AURYN is a mystical Ouroboros talisman in The Neverending Story. In the novel, AURYN is always spelled in capital letters and is revered by all Fantasticans, referred to as "The Gem" and "The Glory" (German: das Kleinod, der Glanz). It is a symbol of its mistress, the Childlike Empress, who is also called "The Golden-Eyed Commander of Wishes" in reference to her relationship with AURYN. While the book makes noteworthy the point that the image of AURYN is on its "cover(s)", it does not actually refer to it as AURYN.

A common misconception is that AURYN is a simple magical object that grants wishes. The truth is that AURYN's power flows from the Childlike Empress and that it can only be used with her permission. The powerful amulet cannot be used against her and if she does not grant the use of it to someone they are unable to influence AURYN.

The name of the amulet is not the same as that of a simple inanimate object. The word 'the' never precedes that amulet's name (i.e., never "the AURYN"). Instead, it is used simply as AURYN, a proper noun like a person's name.

Two mythological serpents, symmetrical, bite at the other's tail. In the book, they form an oval, and are not intertwined. One serpent is white and one is black. Each has an eye to correspond to the color of the book's print, red and green. The two snakes represent the dual nature of the two worlds, Fantastica and Reality, but also the twin nature of their mutual creation and destruction. On the back of AURYN are these words:

"Do What thou wilt" (German: "Tu, was du willst").

, which only one of the snakes agrees.

AURYN helps guide Atreyu through Fantastica in his quest to find a cure for the ailing Childlike Empress, and in turn defeat the Nothing. It serves him clandestinely, but does return him to the Ivory Tower. Although Atreyu believes himself to have failed in finding the human child past the borders of Fantastica, the Childlike Empress informs him to the contrary and that indeed the boy had been with him all along.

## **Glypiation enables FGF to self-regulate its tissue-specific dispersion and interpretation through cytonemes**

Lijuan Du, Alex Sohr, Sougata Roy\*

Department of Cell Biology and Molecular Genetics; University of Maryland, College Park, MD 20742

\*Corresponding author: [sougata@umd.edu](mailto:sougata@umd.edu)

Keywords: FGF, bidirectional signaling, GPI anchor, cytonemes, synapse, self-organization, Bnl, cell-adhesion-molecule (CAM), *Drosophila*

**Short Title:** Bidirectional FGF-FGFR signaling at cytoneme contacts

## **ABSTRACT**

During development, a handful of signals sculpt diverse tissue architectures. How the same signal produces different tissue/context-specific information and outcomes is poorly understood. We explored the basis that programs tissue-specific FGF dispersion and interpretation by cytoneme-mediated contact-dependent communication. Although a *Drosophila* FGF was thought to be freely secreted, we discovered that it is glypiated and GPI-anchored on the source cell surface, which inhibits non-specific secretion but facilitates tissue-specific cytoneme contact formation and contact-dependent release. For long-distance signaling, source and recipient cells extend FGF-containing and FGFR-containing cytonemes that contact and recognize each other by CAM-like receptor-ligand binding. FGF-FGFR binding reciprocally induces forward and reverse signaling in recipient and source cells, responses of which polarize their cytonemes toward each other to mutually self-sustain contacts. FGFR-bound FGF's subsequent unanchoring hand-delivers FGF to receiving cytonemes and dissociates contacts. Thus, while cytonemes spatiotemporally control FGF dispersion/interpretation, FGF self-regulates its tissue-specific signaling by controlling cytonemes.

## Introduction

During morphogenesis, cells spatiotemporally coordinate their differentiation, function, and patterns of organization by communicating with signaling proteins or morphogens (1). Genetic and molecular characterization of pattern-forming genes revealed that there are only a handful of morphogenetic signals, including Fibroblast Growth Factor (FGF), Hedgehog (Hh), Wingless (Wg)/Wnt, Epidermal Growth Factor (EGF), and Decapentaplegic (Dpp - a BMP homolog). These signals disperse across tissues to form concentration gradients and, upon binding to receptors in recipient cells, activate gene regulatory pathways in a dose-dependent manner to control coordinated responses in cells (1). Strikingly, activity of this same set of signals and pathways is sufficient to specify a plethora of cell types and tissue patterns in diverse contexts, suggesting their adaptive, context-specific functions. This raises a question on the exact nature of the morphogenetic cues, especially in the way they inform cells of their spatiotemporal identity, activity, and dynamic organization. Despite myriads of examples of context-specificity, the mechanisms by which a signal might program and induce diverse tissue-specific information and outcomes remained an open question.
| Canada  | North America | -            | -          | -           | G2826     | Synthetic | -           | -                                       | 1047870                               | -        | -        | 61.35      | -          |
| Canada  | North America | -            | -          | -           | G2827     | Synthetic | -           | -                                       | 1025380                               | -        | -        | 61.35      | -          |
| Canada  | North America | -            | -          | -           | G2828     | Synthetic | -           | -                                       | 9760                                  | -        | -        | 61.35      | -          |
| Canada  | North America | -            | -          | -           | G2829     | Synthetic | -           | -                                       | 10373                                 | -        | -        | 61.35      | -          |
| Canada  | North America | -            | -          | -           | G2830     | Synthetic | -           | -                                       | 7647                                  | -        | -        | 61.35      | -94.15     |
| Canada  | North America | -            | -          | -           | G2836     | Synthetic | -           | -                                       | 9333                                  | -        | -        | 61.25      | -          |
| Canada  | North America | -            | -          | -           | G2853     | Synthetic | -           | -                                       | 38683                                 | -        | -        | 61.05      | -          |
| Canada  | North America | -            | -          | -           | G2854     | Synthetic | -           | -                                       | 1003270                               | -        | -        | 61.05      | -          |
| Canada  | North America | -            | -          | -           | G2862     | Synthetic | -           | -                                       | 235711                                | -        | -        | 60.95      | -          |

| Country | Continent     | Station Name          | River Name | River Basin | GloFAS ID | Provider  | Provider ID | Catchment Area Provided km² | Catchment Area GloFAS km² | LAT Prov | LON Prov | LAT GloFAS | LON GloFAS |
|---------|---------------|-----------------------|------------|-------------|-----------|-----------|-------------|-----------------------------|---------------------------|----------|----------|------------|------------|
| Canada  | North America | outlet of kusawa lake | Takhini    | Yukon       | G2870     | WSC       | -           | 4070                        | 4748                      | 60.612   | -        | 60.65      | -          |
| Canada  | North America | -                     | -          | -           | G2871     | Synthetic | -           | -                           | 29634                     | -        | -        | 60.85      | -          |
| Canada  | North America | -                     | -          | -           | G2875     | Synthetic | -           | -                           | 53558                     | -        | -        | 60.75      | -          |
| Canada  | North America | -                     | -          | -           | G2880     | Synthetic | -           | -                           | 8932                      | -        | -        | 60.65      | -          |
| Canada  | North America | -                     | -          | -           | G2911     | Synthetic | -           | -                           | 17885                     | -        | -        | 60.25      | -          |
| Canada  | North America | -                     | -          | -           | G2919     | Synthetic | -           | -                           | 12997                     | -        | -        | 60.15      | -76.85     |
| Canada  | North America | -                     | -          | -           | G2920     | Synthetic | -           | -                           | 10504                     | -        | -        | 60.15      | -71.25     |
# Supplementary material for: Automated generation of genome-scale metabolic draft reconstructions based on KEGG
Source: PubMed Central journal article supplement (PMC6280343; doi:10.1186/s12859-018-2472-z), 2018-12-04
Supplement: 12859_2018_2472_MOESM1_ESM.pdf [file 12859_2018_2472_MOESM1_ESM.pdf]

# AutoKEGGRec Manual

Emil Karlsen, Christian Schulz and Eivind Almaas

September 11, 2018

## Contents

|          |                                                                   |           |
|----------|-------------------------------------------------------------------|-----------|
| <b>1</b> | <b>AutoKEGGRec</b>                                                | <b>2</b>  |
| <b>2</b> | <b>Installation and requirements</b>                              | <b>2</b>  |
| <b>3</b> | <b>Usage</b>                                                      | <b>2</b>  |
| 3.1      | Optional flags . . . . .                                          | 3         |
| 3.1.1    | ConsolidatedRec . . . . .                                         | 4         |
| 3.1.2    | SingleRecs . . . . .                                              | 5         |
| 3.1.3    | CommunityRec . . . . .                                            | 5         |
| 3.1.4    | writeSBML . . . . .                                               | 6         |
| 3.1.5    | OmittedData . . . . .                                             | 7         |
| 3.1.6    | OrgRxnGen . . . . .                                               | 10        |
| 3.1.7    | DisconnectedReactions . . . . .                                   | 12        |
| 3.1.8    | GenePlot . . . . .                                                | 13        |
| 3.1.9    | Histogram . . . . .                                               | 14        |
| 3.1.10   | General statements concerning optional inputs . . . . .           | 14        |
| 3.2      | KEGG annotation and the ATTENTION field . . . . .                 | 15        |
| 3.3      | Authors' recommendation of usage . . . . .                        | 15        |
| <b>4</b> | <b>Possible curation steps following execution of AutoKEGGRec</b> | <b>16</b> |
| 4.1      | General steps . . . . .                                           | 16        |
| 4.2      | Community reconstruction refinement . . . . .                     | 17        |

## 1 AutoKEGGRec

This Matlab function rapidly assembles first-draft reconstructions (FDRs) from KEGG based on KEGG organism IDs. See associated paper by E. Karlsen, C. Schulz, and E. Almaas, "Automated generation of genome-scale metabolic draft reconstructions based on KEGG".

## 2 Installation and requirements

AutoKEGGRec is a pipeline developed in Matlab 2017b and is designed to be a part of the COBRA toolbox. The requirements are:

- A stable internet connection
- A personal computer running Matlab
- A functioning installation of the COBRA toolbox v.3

In the hands of the Childlike Empress, AURYN displays greater powers even in the face of the Nothing. She releases seven spirits to serve her as she ventures across her tattered realm to find the Old Man of Wandering Mountain. They carry her chariot and provide a haven for Atreyu and Falkor within.

Bastian blesses the Childlike Empress with her new name. She presents him with AURYN; her only request being that he follow the instructions written on the back. While it grants him the power to make wishes and imagine more of Fantastica, it drains him of his memories which are his only way back to his world. Bastian searches for the same obscure boundaries of Fantastica, only to realize it is within AURYN itself.

In the mystical interior of AURYN, two gargantuan serpent statues stand sentry, one shining brighter than white, the other darker than black. They guard the Waters of Life, a waterfall and pool that serve as the exit from Fantastica. The statues refuse Bastian's passage, for he had left many stories unfinished in Fantastica. Atreyu, however, agrees to undertake the quest, which allows Bastian to return to his world. When Bastian touches the waters, their truthful properties dissolve the illusion of his glamour wishes, and he returns to being a fat little boy, instead of a Fantastican prince, but this time he has learned to love himself as he truly is. At this point the snakes of AURYN allow him to return to his world.


Susan L. Nickerson of Library Journal writes in a review that "Imaginative readers know the story doesn't end when the covers close; the magic to be found in books is eternal, and Ende's message comes through vividly."[1]

"The two parts of the novel repeat each other", as Maria Nikolajeva states in her book The Rhetoric of Character in Children's Literature, in that Bastian becomes a hero but then in the second half he "acts not even as an antihero but as a false hero of the fairy tale." The characters of Bastian and Atreyu can also be seen as mirror halves.[2]

Adaptations and derivative works[edit]


A German dramatized audioplay under the title Die unendliche Geschichte (Karussell/Universal Music Group 1984, directed by Anke Beckert, music by Frank Duval, 3 parts on LP and MC, 2 parts on CD)